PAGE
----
Let's look at the color wheel. How can we use it to make our jewelry come alive? Today, we will look at analogous and complementary colors. Analogous colors sit adjacent to each other on the wheel. Complementary colors are directly opposite on the wheel. This quick read will show you how to pair your analogous colors with paired complements. Your beaded projects will be rousing and magical.
We love Margie Deeb's intimate knowledge of colors and we wanted to re-share some of our archive articles she has written for us. Margie is an incredibly talented artist, designer, and author. Follow along on her color journey. Let's all become students of color!
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Below, Margie discusses how to use analogous and complementary colors to create magical jewelry designs. Learn how to use the spectrum of a color wheel to your advantage.
Excerpt from The Beader's Guide to Color
Something happens when you pair the enchantment of adjacent colors with the gusto of complements... something rousing and vigorous, coursing with life. This "something" is technically called the analogous complementary scheme. But what really happens is magic.
Begin this magic by choosing an analogous group of two or three colors adjacent to each other on the wheel - okay, four if you must! This group becomes the dominant color force.
For the complementary part of this alchemy, select the color directly across from the middle of the analogous group. This direct complement becomes the accent color. Or, choose a near-complement (one on either side of the direct complement).
You have now created a dominant color grouping of three similar colors accented with the direct complement (or the near-complement) of one of them. See the color wheel below "Waning Crescent".
"Waning Crescent" by Margie Deeb exemplifies the analogous complementary scheme. Tranquil blues
play the dominant role, emphasizing the meditative reverie of the night drenched dreamer.
One complementary accent–moonlight yellow–commands our attention.
Tapestry created by Frieda Bates in peyote stitch.
Pattern available in
The Beader's Guide to Color
Got it? Good! That was "Analogous Complementary Magic 101."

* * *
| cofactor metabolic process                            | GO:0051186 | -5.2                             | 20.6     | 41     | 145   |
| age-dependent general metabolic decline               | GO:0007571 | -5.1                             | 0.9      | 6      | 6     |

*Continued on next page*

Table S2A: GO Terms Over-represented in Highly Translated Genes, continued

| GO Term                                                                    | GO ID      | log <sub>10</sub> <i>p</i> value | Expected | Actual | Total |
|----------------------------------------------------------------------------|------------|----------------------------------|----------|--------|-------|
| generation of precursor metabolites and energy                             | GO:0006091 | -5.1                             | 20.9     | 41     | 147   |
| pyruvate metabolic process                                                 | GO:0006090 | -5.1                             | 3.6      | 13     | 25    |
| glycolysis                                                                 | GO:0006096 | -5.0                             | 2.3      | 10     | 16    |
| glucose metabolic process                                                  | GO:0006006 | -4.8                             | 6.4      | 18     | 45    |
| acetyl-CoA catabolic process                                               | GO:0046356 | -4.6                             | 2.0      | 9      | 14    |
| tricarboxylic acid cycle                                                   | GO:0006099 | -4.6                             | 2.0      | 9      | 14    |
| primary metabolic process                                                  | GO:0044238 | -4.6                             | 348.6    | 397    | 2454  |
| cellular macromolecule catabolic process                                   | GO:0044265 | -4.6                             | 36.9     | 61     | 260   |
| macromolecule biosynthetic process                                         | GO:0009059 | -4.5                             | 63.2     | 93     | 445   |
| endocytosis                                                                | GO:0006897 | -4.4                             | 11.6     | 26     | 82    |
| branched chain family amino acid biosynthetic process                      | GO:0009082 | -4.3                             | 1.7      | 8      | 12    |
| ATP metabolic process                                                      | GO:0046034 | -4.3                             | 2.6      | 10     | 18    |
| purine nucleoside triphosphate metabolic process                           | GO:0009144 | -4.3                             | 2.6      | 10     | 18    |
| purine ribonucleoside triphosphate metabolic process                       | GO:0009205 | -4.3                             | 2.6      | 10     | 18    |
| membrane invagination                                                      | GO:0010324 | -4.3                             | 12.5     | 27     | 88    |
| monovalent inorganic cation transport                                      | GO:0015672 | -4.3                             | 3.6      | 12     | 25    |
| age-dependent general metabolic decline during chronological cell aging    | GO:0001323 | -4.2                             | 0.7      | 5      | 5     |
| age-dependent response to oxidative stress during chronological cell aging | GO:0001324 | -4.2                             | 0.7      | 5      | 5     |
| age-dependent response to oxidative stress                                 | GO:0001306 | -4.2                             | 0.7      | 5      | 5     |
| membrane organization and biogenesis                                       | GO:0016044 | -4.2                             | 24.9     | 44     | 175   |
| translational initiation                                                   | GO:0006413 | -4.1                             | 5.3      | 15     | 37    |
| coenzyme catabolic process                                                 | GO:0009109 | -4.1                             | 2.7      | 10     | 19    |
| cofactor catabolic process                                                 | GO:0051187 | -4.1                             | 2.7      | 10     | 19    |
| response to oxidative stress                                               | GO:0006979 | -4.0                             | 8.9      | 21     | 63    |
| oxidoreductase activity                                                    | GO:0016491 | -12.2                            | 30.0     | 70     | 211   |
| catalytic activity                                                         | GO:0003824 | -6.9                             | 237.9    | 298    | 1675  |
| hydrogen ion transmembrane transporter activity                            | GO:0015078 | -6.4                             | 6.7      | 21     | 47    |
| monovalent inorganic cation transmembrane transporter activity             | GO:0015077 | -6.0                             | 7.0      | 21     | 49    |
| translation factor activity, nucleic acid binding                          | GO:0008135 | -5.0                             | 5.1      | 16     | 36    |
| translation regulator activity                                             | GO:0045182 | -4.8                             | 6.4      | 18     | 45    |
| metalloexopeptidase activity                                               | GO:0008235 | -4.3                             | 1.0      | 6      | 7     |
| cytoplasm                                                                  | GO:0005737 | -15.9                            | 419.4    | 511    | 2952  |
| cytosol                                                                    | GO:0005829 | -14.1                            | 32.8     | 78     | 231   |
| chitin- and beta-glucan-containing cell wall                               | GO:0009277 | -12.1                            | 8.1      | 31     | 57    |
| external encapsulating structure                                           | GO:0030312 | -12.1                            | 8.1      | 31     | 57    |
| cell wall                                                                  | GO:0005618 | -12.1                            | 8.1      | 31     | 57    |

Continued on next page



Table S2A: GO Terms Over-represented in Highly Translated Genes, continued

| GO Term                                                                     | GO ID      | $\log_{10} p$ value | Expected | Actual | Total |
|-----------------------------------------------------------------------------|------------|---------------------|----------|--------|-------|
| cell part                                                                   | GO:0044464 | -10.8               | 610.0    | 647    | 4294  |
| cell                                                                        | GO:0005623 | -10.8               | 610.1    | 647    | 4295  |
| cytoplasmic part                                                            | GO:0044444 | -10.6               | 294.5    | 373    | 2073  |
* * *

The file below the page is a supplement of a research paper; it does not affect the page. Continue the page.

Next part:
To graduate to "202," switch the dominant color to feature its complement rather than one of the analogous members. Mingle accents of the analogous colors into the dominant background made of the complementary color.
A show-stopping combination of brilliant, irresistible colors comprise this
startling analogous complementary scheme.
Necklace by Margie Deeb based on a technique by Diane Fitzgerald.
In the necklace and accompanying color wheel above, the blue sits directly across the wheel from the orange of the yellow-orange analogous group. It could have been used as an accent color, with startling results. But instead, blue was used as the main color. The results are equally stunning.
To practice "Analogous Complementary Magic 303," extend the palette. Rather than using just one complementary color, put two or three to work. See "Chanin Study" (below).
An extended, complex interpretation of the analogous complementary scheme.
"Chanin Study" by Margie Deeb (created by Frieda Bates) was inspired by the abstract
Art Deco ornamentation on the Chanin Building in New York.
Avoid a random mish-mash of colors, logical relationships have been established. The analogous members are grouped together: violet, purple and red serve as a background, greens and yellows swirl and flow in front.
An extended analogous complementary scheme is as complex to work with as it is to say aloud. Juggling these many colors, especially complements, requires planning.
But it is worth every effort. What happens when you harmonize and balance this lively array of color? Pure magic!
Accents of magenta among the green-to-yellow analogous group are an
unexpected surprise, pulsing this scheme to life.
Necklace by Margie Deeb.
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Artist and color expert Margie Deeb is the author of The Beader's Color Palette, The Beader's Guide to Color, The Beader's Guide to Jewelry Design and numerous beading and color publications. She teaches color and beading across the country and her free monthly color column, Margie's Muse, is available on her website. She writes regularly for Beadwork, Bead & Button, and Step-by-Step Beads magazines.
Visit Margie's website for her books, kits, patterns, jewelry, inspiration, and more: www.MargieDeeb.com